Four tips to avoid a mid-life crisis

How can you transition smoothly through the best years of your life?

"First, and most important," Prof. Strenger suggests, "invest some sincere thought in the fact that you have more high-quality adult years ahead of you than behind you. Realize what that means in planning for the future."

Second, he says, think about what you've learned about yourself so far. Consider what you've found to be your strongest abilities and about the things that most please you, not what your parents or society expected of you when you were young.

Third, don't be afraid of daunting obstacles in making new changes. "Once you realize how much time you have left in this world, you will find it is profoundly worth it to invest energy in changing in major ways. A new career choice is not an unreasonable move, for example," Dr. Strenger advises. And you may now have a better chance of succeeding, because your choices will be based on knowledge and experience, rather than youthful blind ambition.

Finally, Prof. Strenger says it is absolutely necessary to make use of a support network. Individuals should discuss major life changes with their colleagues, friends and families. The people who know you best will best be able to support you in the new directions you want to take, he advises, and a professional therapist or counsellor can also be helpful.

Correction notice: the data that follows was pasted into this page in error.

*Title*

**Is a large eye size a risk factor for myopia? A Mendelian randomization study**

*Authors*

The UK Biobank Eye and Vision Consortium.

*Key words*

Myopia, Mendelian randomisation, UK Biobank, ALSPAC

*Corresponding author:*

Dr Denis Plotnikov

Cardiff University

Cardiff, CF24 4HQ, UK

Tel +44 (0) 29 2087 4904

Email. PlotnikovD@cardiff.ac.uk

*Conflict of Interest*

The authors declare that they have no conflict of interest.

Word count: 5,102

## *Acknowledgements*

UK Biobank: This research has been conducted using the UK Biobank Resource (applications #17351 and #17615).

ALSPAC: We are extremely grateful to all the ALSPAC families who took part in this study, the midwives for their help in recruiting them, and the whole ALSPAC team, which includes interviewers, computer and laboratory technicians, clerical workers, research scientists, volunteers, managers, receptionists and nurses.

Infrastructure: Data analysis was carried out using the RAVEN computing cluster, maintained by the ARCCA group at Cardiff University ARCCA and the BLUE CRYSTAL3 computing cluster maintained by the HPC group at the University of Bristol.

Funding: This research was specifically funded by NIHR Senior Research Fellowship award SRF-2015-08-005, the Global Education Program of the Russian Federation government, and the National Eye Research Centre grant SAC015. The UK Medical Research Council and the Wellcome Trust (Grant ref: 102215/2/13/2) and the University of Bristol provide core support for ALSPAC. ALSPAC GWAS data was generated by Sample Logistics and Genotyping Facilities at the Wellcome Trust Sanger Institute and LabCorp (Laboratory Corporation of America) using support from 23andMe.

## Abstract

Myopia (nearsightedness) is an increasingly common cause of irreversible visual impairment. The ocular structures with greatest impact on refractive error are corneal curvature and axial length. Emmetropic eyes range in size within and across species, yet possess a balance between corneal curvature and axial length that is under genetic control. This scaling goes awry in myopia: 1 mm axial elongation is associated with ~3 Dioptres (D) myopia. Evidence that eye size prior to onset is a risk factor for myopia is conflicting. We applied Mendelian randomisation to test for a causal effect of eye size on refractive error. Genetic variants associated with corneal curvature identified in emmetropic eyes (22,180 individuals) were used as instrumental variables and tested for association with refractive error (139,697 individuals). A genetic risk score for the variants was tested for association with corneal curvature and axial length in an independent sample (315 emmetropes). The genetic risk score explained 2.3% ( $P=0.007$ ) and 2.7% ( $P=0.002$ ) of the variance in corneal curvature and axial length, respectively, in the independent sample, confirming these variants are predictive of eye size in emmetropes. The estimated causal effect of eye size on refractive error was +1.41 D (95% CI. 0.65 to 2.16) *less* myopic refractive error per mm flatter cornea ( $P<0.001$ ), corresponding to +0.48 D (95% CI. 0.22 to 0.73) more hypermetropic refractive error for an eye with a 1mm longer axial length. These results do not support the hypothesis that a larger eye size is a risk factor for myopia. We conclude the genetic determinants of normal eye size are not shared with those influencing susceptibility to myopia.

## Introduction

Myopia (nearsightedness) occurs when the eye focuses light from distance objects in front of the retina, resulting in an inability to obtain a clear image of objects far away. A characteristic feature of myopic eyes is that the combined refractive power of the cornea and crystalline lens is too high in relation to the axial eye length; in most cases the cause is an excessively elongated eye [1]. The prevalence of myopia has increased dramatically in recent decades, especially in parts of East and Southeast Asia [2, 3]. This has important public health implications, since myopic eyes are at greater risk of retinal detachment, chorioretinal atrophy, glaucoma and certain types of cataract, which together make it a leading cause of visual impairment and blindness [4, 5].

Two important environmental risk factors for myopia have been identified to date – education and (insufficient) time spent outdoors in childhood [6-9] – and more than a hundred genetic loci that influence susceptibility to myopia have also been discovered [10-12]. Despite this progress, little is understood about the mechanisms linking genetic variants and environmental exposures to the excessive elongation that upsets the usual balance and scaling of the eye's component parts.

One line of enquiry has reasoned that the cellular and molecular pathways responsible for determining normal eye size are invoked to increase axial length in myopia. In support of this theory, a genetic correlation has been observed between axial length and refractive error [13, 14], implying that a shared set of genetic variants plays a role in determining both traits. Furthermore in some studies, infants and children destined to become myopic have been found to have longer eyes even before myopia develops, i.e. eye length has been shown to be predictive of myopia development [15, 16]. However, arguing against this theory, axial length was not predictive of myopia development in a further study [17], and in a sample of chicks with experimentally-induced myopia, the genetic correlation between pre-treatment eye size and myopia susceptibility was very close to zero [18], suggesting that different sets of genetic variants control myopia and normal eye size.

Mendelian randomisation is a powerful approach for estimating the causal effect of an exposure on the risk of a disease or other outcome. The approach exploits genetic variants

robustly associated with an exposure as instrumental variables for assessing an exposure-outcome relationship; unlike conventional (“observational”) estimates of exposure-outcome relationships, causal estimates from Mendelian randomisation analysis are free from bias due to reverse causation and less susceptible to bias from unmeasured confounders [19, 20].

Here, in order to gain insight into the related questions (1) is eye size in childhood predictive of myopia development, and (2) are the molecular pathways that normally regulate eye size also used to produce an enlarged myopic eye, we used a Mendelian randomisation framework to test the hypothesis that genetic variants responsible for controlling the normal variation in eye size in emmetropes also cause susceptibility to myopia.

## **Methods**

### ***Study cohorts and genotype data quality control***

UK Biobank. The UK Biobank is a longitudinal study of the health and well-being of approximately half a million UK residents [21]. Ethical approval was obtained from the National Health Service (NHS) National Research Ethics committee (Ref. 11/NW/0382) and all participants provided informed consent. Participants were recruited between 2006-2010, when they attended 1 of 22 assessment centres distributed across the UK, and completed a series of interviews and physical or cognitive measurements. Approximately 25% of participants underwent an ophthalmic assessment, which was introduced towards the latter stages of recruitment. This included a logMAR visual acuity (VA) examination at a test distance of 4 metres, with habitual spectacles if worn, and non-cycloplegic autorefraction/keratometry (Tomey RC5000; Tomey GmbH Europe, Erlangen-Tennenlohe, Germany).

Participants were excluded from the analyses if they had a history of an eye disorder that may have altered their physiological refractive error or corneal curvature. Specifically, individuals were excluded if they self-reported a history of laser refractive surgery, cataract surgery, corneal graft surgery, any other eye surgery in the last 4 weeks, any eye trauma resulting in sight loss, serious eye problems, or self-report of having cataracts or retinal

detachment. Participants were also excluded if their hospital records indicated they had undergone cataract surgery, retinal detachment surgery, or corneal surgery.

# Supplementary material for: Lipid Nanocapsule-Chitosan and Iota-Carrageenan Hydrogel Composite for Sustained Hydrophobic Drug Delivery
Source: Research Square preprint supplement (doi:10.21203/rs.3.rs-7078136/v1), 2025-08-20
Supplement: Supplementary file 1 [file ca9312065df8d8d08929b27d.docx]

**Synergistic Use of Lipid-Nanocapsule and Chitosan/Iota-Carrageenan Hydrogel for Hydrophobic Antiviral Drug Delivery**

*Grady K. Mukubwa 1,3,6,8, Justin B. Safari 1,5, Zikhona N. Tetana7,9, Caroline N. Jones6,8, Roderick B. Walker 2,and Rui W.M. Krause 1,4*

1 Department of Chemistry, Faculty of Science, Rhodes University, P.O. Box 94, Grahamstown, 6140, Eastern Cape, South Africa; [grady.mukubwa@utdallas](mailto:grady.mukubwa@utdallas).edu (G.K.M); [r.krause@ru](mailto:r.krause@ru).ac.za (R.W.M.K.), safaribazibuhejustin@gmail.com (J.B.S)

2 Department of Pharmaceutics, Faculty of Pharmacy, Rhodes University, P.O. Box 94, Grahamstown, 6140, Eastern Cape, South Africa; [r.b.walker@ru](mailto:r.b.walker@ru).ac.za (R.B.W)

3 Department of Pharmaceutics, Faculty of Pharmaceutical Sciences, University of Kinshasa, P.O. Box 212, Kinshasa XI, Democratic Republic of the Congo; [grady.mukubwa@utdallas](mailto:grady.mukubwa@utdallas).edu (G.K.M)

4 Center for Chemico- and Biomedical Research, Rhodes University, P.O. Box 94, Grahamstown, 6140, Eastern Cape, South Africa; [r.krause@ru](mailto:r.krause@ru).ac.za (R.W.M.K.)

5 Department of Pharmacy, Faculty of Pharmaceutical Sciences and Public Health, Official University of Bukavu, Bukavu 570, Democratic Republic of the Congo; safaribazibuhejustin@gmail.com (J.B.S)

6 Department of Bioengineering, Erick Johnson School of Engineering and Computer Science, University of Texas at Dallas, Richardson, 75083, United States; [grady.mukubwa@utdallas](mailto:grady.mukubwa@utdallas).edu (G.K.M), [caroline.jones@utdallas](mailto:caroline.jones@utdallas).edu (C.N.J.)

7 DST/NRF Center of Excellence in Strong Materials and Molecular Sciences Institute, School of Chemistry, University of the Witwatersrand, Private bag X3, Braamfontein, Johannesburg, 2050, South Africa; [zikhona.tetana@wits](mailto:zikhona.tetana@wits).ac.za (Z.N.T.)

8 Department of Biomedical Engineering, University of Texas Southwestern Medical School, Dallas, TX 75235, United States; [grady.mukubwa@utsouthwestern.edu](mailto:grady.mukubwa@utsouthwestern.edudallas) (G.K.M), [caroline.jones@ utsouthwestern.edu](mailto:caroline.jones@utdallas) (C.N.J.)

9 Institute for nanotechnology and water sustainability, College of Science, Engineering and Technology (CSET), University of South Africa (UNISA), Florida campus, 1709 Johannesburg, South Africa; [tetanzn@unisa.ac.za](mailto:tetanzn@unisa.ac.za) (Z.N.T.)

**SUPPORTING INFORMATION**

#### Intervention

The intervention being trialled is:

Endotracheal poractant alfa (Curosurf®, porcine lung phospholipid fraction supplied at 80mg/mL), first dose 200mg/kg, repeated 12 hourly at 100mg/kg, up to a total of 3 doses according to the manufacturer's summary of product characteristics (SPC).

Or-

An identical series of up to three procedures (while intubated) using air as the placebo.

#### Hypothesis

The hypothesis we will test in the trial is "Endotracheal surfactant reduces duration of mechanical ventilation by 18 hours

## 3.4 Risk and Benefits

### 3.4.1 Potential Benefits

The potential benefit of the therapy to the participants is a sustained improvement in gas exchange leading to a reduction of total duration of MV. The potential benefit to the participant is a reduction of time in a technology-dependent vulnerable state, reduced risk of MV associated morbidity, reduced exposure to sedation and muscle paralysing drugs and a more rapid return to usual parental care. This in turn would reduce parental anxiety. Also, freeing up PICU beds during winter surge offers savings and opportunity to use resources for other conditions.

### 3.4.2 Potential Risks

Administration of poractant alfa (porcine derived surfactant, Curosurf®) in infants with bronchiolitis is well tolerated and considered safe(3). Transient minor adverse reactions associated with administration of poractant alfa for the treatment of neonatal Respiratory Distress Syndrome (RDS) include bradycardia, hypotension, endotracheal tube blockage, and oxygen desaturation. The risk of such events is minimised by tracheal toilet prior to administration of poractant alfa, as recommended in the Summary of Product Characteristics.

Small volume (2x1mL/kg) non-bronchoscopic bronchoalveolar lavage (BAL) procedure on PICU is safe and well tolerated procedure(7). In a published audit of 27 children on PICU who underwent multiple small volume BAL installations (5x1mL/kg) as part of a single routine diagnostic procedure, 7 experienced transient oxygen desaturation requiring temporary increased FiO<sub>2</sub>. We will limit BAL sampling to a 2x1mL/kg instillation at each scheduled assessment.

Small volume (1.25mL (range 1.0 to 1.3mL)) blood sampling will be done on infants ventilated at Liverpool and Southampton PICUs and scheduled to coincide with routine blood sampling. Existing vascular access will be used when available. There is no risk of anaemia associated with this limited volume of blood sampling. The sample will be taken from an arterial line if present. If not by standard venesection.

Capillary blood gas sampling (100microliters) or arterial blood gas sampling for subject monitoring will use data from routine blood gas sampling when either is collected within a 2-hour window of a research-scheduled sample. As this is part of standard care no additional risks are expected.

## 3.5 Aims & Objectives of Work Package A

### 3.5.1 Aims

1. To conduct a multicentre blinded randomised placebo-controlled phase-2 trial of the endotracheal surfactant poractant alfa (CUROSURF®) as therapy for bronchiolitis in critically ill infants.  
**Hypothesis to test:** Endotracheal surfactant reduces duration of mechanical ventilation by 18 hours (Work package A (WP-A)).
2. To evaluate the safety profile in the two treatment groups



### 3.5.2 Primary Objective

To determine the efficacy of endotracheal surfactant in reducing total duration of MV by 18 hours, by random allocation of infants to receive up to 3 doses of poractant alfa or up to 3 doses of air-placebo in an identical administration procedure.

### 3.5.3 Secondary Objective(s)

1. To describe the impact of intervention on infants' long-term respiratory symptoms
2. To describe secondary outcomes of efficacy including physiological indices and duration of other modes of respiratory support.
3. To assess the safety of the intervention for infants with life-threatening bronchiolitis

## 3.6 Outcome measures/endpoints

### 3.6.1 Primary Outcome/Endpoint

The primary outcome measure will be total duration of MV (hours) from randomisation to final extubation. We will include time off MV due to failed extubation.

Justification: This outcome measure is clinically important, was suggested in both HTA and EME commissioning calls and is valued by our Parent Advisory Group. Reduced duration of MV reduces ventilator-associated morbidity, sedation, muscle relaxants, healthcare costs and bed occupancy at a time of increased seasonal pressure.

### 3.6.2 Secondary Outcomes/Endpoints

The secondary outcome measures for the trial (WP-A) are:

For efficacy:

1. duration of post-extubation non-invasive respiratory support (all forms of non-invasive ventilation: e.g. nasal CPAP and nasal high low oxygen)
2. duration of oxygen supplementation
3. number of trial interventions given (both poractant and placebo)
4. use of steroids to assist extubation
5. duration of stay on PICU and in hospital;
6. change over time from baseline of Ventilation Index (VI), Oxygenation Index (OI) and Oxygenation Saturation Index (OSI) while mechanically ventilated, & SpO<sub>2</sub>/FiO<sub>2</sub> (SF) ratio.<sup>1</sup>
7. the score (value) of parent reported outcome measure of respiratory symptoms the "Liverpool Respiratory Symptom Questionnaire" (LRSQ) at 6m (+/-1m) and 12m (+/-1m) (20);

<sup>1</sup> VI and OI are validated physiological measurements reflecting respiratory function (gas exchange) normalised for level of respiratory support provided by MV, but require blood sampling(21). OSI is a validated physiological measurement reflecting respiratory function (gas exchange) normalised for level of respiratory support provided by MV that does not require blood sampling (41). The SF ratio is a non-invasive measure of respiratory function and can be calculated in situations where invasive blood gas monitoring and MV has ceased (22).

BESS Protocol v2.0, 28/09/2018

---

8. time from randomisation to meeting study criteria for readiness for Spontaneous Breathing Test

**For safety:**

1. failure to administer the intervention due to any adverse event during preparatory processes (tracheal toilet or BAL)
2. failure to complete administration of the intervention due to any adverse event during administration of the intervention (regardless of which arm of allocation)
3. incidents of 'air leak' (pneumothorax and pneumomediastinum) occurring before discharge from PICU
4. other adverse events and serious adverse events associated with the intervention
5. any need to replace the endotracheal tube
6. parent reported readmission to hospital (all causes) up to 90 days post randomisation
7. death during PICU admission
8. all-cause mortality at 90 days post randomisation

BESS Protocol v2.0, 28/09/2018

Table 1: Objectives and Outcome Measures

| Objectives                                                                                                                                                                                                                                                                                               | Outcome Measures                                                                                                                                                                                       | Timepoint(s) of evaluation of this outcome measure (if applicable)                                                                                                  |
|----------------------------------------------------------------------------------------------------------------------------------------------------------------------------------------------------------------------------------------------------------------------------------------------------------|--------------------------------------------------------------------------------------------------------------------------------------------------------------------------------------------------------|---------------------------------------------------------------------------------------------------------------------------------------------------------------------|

Prof. Stenger's 2004 book on the subject is The Designed Self, published by The Analytic Press. His latest book, Critique of Global Unreason: Individuality and Meaning in the Global Age, will be published by Palgrave this year.


Story Source:

The above story is based on materials provided by American Friends of Tel Aviv University. Note: Materials may be edited for content and length.


Cite This Page:

American Friends of Tel Aviv University. "How to live your life twice: Psychologist busts a myth and offers tips to counter a mid-life crisis." ScienceDaily. ScienceDaily, 22 January 2010. <www.sciencedaily.com/releases/2010/01/100121140335.htm>.
American Friends of Tel Aviv University. (2010, January 22). How to live your life twice: Psychologist busts a myth and offers tips to counter a mid-life crisis. ScienceDaily. Retrieved July 30, 2014 from www.sciencedaily.com/releases/2010/01/100121140335.htm
American Friends of Tel Aviv University. "How to live your life twice: Psychologist busts a myth and offers tips to counter a mid-life crisis." ScienceDaily. www.sciencedaily.com/releases/2010/01/100121140335.htm (accessed July 30, 2014).